An Asylum for Mankind? Migration in the Early American Republic

Connie Thomas
A line drawing of a large building set back from a grassy waterfront with small figures moving about in the foreground.

Frank H. Taylor, “The Lazaretto, Delaware River vicinity, Essington, Delaware County, PA,” 1895. Courtesy of the Library of Congress.

I stumbled across the central character of my current JER article, Charles Julien de Longchamps, entirely by accident. It was in the pursuit of my PhD research, which explores the development of migration policymaking and American identity in the early republic, I found myself trawling early newspapers from across the Union when the distinctive name, “Longchamps,” came up time and time again. As the article argues, the Longchamps affair primarily offers insight into how we conceptualize early American citizenship. It demonstrates that citizenship at the founding was not only understood in legal, state-centric terms, but through a national sense of belonging that transcended state borders. However, this piece presents an opportunity to bring the Longchamps affair back into conversation with the original research topic that prompted its discovery: migration. By looking at the affair from the other side of the same coin, we can see not only what it tells us about how Americans understood fellow citizens from within their own borders, but also those that came from without.

In his revolutionary pamphlet Common Sense, Thomas Paine hoped that the newly independent United States would prove an “asylum for the persecuted lovers of civil and religious liberty.” In their embrace of shared revolutionary ideals like civic participation and volitional allegiance, Paine concluded, “all Europeans meeting in America, or any other quarter of the globe, are COUNTRYMEN,” irrespective of their nationality at birth.[1] This notion has come to define both historiographical and popular depictions of migration in the United States, casting the founding as an “open-door” era. Only with the emergence of state-level policies in the antebellum era and national restrictions in the 1880s, many historians argue, did the metaphorical door slam shut on migration. “Although the dream of creating a nation without boundaries had become illusory,” Marilyn C. Baseler concludes, “the commitment to serving as an ‘asylum for mankind’ became an integral part of American republicanism.”[2]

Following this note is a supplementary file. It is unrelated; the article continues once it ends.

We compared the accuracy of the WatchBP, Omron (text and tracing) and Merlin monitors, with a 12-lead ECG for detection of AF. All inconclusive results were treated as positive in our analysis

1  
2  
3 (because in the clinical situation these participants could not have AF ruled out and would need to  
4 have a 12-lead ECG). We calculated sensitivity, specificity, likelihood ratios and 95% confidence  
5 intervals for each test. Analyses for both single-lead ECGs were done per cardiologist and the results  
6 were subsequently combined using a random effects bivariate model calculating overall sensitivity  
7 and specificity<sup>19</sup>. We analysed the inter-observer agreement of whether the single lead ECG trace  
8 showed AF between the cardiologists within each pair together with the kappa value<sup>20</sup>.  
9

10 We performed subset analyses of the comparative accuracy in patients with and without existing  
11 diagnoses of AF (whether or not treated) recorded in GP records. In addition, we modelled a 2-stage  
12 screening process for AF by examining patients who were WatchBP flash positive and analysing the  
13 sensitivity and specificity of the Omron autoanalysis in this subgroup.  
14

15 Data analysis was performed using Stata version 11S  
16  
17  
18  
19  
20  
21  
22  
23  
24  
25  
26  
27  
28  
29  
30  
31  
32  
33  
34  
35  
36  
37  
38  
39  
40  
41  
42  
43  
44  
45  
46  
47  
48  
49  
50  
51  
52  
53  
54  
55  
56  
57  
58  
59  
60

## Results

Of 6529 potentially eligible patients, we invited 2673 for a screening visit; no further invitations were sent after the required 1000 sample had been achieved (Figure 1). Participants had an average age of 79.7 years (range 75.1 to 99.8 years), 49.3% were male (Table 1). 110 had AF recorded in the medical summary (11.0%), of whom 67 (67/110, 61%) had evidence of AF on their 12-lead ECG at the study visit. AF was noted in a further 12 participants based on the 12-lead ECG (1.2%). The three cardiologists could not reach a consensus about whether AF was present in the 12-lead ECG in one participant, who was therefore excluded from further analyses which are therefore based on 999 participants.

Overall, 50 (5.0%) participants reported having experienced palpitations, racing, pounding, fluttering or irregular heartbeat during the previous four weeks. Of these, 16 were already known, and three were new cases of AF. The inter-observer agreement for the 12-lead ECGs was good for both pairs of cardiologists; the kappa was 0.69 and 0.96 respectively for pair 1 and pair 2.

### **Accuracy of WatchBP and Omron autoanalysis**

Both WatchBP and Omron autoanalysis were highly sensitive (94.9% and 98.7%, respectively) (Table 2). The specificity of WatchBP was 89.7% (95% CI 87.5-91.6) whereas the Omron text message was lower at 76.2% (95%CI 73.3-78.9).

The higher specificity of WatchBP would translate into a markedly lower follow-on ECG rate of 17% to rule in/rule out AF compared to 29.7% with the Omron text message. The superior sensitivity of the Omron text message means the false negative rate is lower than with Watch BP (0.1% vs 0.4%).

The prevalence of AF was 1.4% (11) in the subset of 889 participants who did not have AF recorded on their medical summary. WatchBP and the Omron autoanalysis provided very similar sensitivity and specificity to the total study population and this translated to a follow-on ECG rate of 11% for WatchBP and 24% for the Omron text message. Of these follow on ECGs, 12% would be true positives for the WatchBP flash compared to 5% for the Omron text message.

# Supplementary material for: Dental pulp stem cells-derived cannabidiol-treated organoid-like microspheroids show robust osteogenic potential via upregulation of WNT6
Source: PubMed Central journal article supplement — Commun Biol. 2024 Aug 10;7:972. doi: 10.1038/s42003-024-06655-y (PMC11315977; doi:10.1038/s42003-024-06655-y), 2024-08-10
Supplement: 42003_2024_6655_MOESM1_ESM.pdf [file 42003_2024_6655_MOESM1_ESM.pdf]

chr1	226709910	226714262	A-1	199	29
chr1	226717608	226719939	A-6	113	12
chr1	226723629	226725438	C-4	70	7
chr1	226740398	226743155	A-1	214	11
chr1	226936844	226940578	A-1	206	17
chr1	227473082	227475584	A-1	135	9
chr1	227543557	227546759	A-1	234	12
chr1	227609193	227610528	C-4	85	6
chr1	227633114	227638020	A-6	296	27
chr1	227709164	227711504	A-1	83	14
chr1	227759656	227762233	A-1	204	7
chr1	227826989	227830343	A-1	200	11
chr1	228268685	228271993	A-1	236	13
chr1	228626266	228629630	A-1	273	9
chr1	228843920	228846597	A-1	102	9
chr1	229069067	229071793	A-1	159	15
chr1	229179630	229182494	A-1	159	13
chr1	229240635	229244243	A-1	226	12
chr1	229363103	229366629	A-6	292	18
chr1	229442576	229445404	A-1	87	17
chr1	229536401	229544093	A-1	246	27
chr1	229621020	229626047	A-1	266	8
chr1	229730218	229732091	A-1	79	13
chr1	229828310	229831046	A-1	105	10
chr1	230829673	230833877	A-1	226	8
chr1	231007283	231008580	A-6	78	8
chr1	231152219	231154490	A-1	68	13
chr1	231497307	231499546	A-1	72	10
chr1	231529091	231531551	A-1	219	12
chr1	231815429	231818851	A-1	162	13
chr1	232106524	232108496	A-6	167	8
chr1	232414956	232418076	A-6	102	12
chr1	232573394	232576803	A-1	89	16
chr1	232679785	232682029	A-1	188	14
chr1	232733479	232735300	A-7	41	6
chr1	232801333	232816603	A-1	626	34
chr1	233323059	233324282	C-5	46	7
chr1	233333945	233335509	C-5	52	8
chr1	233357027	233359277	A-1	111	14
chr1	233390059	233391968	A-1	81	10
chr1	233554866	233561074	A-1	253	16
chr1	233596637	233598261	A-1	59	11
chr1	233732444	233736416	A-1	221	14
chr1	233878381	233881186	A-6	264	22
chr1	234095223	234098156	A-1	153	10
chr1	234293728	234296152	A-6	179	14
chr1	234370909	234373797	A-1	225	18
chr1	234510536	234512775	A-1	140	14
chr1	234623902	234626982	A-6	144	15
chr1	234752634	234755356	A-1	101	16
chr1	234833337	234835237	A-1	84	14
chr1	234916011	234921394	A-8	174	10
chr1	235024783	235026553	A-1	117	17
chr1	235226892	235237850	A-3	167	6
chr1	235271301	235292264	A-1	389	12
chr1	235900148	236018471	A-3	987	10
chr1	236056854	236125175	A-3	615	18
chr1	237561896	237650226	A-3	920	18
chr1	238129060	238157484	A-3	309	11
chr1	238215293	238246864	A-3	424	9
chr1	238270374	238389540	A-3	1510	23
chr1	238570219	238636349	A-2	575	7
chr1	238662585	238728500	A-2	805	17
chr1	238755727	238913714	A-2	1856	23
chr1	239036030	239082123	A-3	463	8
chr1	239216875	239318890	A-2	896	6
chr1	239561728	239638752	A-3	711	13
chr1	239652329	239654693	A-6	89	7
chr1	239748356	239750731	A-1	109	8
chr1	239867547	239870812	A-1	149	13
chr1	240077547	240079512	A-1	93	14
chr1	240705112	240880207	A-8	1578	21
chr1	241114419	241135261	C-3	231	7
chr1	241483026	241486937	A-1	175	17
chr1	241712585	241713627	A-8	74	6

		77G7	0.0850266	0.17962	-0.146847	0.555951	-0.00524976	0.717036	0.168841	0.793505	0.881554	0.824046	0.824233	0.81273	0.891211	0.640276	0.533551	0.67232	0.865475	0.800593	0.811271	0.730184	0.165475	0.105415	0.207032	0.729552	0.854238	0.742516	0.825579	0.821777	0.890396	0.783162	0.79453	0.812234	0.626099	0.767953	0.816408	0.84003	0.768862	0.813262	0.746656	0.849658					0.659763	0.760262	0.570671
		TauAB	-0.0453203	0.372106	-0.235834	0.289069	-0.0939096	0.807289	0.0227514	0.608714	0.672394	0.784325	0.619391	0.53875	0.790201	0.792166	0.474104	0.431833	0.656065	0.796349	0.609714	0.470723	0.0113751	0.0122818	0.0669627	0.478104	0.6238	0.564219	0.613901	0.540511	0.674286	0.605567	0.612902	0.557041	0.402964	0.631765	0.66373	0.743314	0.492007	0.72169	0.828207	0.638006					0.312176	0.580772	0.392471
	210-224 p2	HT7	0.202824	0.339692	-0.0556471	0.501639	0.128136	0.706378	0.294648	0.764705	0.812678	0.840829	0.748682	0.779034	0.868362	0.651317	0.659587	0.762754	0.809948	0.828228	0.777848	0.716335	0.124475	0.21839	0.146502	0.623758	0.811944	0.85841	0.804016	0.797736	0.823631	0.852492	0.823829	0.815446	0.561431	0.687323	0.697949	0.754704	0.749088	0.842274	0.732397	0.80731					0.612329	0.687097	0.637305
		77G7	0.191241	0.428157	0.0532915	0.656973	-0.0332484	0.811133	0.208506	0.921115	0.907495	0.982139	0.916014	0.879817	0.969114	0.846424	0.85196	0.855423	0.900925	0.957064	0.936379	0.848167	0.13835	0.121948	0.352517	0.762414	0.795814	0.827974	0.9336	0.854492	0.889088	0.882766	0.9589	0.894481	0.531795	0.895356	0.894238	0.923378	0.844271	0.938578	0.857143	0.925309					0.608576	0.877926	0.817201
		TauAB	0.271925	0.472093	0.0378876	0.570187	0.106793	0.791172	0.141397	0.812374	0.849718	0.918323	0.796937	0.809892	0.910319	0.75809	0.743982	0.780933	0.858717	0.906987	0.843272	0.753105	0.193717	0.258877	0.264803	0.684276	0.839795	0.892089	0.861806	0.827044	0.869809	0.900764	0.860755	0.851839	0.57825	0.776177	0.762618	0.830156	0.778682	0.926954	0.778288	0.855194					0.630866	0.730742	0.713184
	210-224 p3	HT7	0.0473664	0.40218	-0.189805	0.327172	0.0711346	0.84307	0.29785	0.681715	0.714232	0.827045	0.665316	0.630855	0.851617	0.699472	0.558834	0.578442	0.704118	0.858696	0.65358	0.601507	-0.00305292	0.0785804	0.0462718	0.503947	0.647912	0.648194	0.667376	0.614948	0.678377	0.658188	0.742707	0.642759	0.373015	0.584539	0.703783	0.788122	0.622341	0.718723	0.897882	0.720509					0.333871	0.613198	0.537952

The Longchamps affair seemingly fits this narrative too. Amid the threat of deportation at the request of the French Government, the American public rose up to protect Longchamps, a French migrant first and foremost, and in doing so, defend his status as a newly naturalized American citizen. The affair not only subverted the seemingly tyrannical demands of the “old world” government, it further demonstrated the revolutionary embrace of migration in the United States. Moreover, with Longchamps ultimately allowed to remain in the United States amid the threat of punishment by the French government, the affair seemingly proved the existence of the “asylum for mankind” trope. Yet, this does not tell the whole story.

Indeed, as the Longchamps affair further reveals, the rights available to migrants and naturalized citizens were deeply precarious in the young republic. Despite Longchamps’ status as an American citizen, the Pennsylvania state government initially complied with French demands for his deportation, albeit unsuccessfully. In doing so, they not only undermined his rights as an American citizen, but the existence of that citizenship. Meanwhile, concerned with the potential for a diplomatic incident, the national government maintained a neutral stance on the affair. Though this of course did not equate to compliance with the French government, it equally fell short of the protection of rights seemingly secured at the founding. In both cases, state and national officials acted not only on the grounds of diplomatic concern, but outright xenophobia. As the article exemplifies, Longchamps’ status as an American citizen was cast against depictions of his “foreign” character throughout the affair. Many considered him little more than “a very worthless Frenchman,” to be “viewed only as a stranger here.”[3]